Monday, February 11, 2013

Josh reviews "Three Weeks in December," by Audrey Schulman

Audrey Schulman's "Three Weeks in December" was arguably the most surprising Europa I read last year. So surprising in fact that although I had read it in August, I had my book club read it just last month. Telling the story of two very different individuals in Africa on the eve of the 20th and 21st centuries respectively, this one gripped me from the very beginning. Jeremy and Max are captivating characters, richly and fully detailed. I think what made it so amazing for me was the level of research Schulman put into this book, reading over 75 sources for research material.

Half of the book is dedicated to Jeremy, a young man from Maine who journeys to Africa/flees from Maine to oversee the construction of a railroad in Kenya. Upon reaching a river, work stalls due to mosquitoes, rain malaria and a pair of starving lions forced by famine to hunt and eat humans. Jeremy, as the foreman, and holder of a gun, is expected to kill the lions. The other half of the book is dedicated Max, an ethnobotanist (also from Maine), who travels to the mountains of Rwanda in search of a vine that might lead to a breakthrough in heart treatment worldwide. She faces politics, rugged terrain, violence and her own struggles with interpersonal relationships in her quest.

A century apart, different in terrain, challenges, missions and outcomes these two stories nonetheless both manage to address the impact of the outside world on Africa's pristine, primal worlds.

"For a moment, he believed he had killed a hill, shot part of this landscape, pierced a hole in it for all this humid African air to whistle out of. Perhaps this was what the British were doing from the trains, not killing animals but slaying hill after ditch of Africa until the vibrant rolling landscape was deflated enough, dead enough, that England's neat hedges and tidy roads could be built over whatever remained."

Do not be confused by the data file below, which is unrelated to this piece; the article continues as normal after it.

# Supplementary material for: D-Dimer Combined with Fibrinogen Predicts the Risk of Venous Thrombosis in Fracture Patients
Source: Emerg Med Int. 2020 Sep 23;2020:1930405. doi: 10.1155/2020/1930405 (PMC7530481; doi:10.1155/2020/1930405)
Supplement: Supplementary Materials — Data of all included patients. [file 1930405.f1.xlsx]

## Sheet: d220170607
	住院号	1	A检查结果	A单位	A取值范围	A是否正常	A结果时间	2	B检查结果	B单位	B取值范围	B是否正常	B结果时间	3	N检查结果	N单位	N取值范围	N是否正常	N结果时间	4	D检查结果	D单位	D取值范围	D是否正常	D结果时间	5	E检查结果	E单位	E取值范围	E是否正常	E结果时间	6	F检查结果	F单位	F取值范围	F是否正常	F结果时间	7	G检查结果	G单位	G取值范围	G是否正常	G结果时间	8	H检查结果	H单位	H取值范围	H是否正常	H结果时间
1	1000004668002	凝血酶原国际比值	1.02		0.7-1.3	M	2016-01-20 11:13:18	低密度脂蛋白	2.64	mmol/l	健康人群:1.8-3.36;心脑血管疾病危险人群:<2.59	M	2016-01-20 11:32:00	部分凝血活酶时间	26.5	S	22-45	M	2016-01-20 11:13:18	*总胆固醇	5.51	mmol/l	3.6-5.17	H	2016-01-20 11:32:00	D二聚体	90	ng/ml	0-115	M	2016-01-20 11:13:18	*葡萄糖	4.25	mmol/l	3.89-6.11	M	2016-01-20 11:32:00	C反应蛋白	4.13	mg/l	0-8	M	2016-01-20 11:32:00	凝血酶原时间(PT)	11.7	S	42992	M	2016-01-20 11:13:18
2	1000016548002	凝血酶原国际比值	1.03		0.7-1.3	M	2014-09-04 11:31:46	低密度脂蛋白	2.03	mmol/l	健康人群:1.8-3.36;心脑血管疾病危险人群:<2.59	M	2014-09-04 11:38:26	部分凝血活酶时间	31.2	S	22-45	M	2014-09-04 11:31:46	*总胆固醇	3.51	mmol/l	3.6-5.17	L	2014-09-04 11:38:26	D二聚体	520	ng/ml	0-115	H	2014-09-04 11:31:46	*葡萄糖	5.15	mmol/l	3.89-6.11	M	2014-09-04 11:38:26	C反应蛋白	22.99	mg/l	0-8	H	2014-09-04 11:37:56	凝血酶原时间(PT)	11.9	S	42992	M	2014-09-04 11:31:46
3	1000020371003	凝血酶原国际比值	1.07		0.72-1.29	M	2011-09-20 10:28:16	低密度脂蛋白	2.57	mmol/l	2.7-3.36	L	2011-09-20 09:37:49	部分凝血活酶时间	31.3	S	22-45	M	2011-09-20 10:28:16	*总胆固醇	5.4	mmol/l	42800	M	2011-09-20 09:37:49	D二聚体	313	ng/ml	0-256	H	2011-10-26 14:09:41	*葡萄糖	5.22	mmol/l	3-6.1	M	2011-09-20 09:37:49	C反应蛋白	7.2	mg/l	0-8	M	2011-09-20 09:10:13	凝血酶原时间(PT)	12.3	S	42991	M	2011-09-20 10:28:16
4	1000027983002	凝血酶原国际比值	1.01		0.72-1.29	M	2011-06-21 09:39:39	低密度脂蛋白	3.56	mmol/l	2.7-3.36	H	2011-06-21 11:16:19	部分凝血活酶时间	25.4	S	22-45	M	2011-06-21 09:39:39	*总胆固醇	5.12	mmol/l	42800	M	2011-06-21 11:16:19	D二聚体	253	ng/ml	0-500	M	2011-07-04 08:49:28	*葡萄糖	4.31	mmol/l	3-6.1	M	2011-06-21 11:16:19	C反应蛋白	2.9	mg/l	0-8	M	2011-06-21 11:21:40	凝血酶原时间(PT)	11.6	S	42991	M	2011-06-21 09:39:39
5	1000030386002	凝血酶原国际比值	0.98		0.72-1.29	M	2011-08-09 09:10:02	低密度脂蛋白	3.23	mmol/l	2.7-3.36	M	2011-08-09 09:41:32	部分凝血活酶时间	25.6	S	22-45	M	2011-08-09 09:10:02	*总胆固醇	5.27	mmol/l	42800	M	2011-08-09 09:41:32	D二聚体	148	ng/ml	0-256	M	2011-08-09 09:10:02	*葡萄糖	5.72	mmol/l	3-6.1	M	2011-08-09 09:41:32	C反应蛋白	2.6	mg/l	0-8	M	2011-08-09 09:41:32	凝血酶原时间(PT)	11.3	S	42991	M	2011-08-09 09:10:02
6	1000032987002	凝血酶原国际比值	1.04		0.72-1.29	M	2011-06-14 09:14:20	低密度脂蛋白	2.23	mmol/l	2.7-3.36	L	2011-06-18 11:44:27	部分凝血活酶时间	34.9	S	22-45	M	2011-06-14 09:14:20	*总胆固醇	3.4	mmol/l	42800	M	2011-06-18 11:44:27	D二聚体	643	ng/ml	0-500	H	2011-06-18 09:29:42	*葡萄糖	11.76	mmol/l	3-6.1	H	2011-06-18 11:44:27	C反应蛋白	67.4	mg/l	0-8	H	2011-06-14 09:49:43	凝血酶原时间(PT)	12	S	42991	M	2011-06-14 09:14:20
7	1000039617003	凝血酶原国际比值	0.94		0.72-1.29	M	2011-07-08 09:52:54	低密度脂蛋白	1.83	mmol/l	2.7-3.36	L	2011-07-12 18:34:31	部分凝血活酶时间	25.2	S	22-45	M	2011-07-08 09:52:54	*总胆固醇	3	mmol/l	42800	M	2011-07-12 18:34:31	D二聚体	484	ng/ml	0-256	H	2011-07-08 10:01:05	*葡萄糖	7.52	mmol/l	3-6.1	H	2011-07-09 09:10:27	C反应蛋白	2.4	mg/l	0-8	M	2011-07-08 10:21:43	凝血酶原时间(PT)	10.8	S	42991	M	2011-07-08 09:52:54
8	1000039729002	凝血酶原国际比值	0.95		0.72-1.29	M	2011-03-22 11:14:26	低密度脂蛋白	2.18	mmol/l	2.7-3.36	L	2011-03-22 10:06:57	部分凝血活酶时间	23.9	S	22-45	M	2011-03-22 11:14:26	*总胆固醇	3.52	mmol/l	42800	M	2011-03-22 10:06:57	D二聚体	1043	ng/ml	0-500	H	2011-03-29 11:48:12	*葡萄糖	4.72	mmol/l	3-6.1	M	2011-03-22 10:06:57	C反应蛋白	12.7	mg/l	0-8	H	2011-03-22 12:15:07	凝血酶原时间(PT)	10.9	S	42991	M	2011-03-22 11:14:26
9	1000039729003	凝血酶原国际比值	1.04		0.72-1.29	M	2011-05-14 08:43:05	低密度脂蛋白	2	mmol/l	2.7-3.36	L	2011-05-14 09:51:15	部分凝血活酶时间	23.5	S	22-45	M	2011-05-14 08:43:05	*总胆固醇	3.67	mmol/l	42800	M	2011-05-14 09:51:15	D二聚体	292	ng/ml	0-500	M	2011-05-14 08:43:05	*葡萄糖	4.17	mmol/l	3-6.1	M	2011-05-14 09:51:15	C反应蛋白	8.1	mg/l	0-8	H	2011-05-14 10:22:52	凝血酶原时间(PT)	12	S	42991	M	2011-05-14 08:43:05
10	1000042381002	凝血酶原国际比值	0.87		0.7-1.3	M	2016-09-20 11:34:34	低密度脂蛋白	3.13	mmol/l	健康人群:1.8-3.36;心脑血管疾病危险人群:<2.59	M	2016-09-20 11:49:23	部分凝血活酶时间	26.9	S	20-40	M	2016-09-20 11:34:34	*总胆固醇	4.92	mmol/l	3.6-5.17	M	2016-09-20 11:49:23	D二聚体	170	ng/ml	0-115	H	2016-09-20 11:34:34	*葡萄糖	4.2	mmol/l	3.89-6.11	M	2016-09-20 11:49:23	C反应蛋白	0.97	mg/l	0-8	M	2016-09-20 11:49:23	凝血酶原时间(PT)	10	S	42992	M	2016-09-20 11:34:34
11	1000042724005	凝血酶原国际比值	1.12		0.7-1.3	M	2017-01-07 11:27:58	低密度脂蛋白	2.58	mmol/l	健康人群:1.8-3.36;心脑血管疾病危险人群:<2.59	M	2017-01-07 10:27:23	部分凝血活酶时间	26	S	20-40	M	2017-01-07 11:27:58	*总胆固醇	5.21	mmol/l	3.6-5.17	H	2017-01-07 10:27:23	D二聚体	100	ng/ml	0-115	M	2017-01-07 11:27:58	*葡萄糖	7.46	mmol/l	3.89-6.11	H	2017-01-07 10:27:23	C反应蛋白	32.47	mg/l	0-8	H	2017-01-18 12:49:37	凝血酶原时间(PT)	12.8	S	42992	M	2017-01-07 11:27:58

The connection between the main characters and the primary animals they interact with could not be more telling. Jeremy, like the lions, is not thriving but surviving as best he can. Max finds more in common with the behaviors and patterns found among the gorilla's social structures than those of the humans she works beside each day. Another shared theme between the stories is the way these two individuals so alienated from the worlds they know as home both find their place in what should be completely alien worlds. It is among the gorillas and hunting the lions that Max and Jeremy are able to feel completely comfortable in their own skin.

Schulman's research shows in the level of detail that she is able to give to the setting and supporting characters in her book. The behaviors of the gorillas, the armed conflicts, the terrain, all of this creates a world you feel you inhabit as much as Max herself does. Every squelch of her toes in the mud, every sideways glance at the gorillas feels uncannily natural. "Someone touched her on the shoulder and she swiveled fast...After a morning with the gorialls, her hairless skin and confrontational stare seemed shocking, such a foreign species." Likewise, the dry heat contrasted with the blinding monsoon, the feeling of damp sweat inhabiting every crevice of Jeremy's body and the cooling relief of bathing in the river are as oppressive and frightening as Jeremy himself might have felt.

The symbolism may hit a bit over the head at times, and one comment from my book club was that they wished Schulman had not been so rigid in her one chapter for Jeremy, one chapter for Max structure. It made them feel alternately frustrated when the chapter they read ended and they really wanted to know more and rushed through the next chapter at times. I have to agree with that critique, her structure does in a way require the reader to be equally engaged in both stories for it to be successful.

Ultimately, this is a fine and unique entry into the Europa canon. It fits in with other Africa-based Europas, (In a Strange Room, Zulu, Of Beasts and Being, etc.), yet more than stands on its own. I would recommend this for a gray, rainy weekend when you need lush jungle environments and captivating protagonists. I look forward to more works by this author in the future.

This is also my belated twelfth entry for last year's challenge.